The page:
“Sometimes, I find a sick homeless. I take him here,” she says, pointing to the floor of her van with the seats folded up, ready for human slumber. “Then I take him to hospital.”

To understand why the belly-dance star of Sacramento doubles as the homeless community’s patron saint, you have to hear her story—or at least the chapter kicked off by the Summer of Love.

The Middle Eastern beauty moved to Sacramento with her beloved carpenter, Carl Johnson, when the hippie movement was rolling together faster than the joints passed around. Jodette’s belly-dance costumes, with their “eyelash” fringed trim and spangled tips, were the height of groovy, and the self-proclaimed “first belly dancer in the history of America” became an unintentional darling of the American boho scene.

From there, Jodette’s tales about her young performer’s days shift from mortal to magical.

Like the time Jodette told her manager that she would never again dance for a party of those long-haired, shoeless hippies that he called sar soor, or bugs. They were actually the Beatles.

Or the time a New York City Hilton hotel rented Jodette’s room to a Muhammad Ali fan, and she threw a tantrum so charming the boxing king found her a room and a limo ride to his boxing match. It gets better: Years later, Jodette was throwing another charming tantrum in the L.A. airport over a missed flight when a shoulder tap brought her face to face with a grinning Ali. Her famous friend helped her land a seat on the next plane to Cairo, Egypt. (A photo of Ali with his arm draped proudly over a giggling Jodette is a sweet souvenir to these knight-in-shining-red-gloves fairytales).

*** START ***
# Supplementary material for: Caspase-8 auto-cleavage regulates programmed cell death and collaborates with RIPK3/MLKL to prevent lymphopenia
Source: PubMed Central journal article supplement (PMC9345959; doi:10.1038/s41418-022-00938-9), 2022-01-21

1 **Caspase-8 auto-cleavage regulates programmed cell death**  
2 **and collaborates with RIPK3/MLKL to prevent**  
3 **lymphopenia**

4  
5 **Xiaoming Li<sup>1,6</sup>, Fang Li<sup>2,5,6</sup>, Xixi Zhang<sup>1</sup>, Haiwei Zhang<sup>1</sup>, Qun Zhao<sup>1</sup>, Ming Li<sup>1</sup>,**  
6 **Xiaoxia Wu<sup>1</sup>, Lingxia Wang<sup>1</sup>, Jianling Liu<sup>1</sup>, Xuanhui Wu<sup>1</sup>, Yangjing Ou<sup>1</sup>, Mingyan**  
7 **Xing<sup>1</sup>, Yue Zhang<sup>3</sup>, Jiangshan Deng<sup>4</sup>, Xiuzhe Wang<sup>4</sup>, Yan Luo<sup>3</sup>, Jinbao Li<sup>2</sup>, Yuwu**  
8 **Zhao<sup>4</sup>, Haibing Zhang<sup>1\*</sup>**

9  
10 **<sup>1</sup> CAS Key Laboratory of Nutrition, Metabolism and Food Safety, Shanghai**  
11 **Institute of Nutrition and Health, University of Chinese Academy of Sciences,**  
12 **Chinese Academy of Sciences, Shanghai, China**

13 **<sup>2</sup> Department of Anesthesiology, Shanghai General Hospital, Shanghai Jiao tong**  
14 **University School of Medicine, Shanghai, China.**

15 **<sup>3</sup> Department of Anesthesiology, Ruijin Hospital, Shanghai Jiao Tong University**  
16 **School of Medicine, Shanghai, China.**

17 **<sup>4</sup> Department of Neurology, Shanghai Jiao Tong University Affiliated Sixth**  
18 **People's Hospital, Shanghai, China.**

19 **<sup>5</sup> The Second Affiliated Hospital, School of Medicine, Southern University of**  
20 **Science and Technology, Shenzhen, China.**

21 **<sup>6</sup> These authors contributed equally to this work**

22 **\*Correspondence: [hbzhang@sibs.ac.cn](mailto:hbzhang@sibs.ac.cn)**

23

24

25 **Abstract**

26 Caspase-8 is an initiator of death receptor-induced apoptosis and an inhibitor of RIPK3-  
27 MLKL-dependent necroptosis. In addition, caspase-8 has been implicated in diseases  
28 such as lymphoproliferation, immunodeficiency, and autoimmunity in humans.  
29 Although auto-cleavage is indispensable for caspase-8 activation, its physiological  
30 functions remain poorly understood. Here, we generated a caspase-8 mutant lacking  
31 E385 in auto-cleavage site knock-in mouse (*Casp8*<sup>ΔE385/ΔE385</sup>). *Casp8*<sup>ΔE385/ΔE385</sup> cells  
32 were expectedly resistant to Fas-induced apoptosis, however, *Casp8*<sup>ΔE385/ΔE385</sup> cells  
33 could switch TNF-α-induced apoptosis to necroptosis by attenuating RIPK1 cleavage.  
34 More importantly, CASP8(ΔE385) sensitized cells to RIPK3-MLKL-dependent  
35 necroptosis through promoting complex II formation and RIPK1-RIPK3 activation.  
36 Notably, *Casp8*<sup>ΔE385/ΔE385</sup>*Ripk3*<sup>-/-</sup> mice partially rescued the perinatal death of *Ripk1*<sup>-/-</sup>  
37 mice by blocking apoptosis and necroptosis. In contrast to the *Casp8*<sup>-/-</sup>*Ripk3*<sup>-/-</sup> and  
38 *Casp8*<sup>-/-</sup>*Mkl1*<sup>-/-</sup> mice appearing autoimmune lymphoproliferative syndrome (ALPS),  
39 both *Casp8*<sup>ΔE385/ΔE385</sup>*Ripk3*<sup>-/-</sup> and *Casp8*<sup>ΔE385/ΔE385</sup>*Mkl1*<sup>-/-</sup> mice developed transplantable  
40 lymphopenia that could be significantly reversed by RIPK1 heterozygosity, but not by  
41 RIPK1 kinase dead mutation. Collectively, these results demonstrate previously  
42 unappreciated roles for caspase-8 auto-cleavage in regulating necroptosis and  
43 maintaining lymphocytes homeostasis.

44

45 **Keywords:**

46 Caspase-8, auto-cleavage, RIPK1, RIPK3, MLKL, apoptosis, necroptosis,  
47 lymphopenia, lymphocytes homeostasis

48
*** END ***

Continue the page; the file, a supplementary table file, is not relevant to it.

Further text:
She’ll tell you about dancing for Reagan when he was governor, Nixon while he was president and, though she tried unsuccessfully to meet president Carter in Georgia, she’ll tell you how she charmed his mother and his brother, a local beer baron, who gave the teetotaling dancer a few of his home brews.

And she’ll tell you about her “hippie shop,” an incense and bell-bottoms supplier here in Sacramento, from which Jimi Hendrix, Janis Joplin and members of Jefferson Airplane all bought Jodette’s groovy clothing designs in the ’70s. “They heard about me and they came to see ‘that woman,’” she said. The shop moved twice before evolving into her K Street belly-dance studio. But before all that, the free-spirited ethos of her hippie shop gave way to something else: her outreach.

“There was hungry hippies coming to my shop and asking for change, so I cooked for them,” she said. “Now I feed the real homeless.”

And because the legend of Jodette is never dull, her crusade against local hunger officially kicked off after a car crash, an eight-day coma, and a promise to God that she’d share bread with anyone who needed it if she could just dance again.

Beyond cooking for her transient friends, Jodette runs blanket and clothing drives, both in her studio and around town. Of course, she doesn’t just wait for these creature comforts to trickle in; Jodette spends her summer weekends at garage sales, buying blankets and thick coats just in case there aren’t enough come winter.

And she throws a great party, like the annual Homeless Benefit Show on October 19 at Persian Garden Restaurant. Donate 20 bucks and a few blankets or coats, and you’ll be treated to live belly-dance performances and an all-you-can-eat dinner. Jodette wants the belly-dance community to unite under this cause, not compete. She made a second trip to SN&R just to tell me so.

If you see Jodette hanging out at her studio, a “belly dancers have more fun” baby-doll tee offsetting her flowing skirt, you might not understand what this tiny frame is capable of. But watch her slink to the front of the room, arms raised, tiny cymbals clinking as her hips start to move with impossible precision. That’s when you’ll know you’re in the presence of a legend.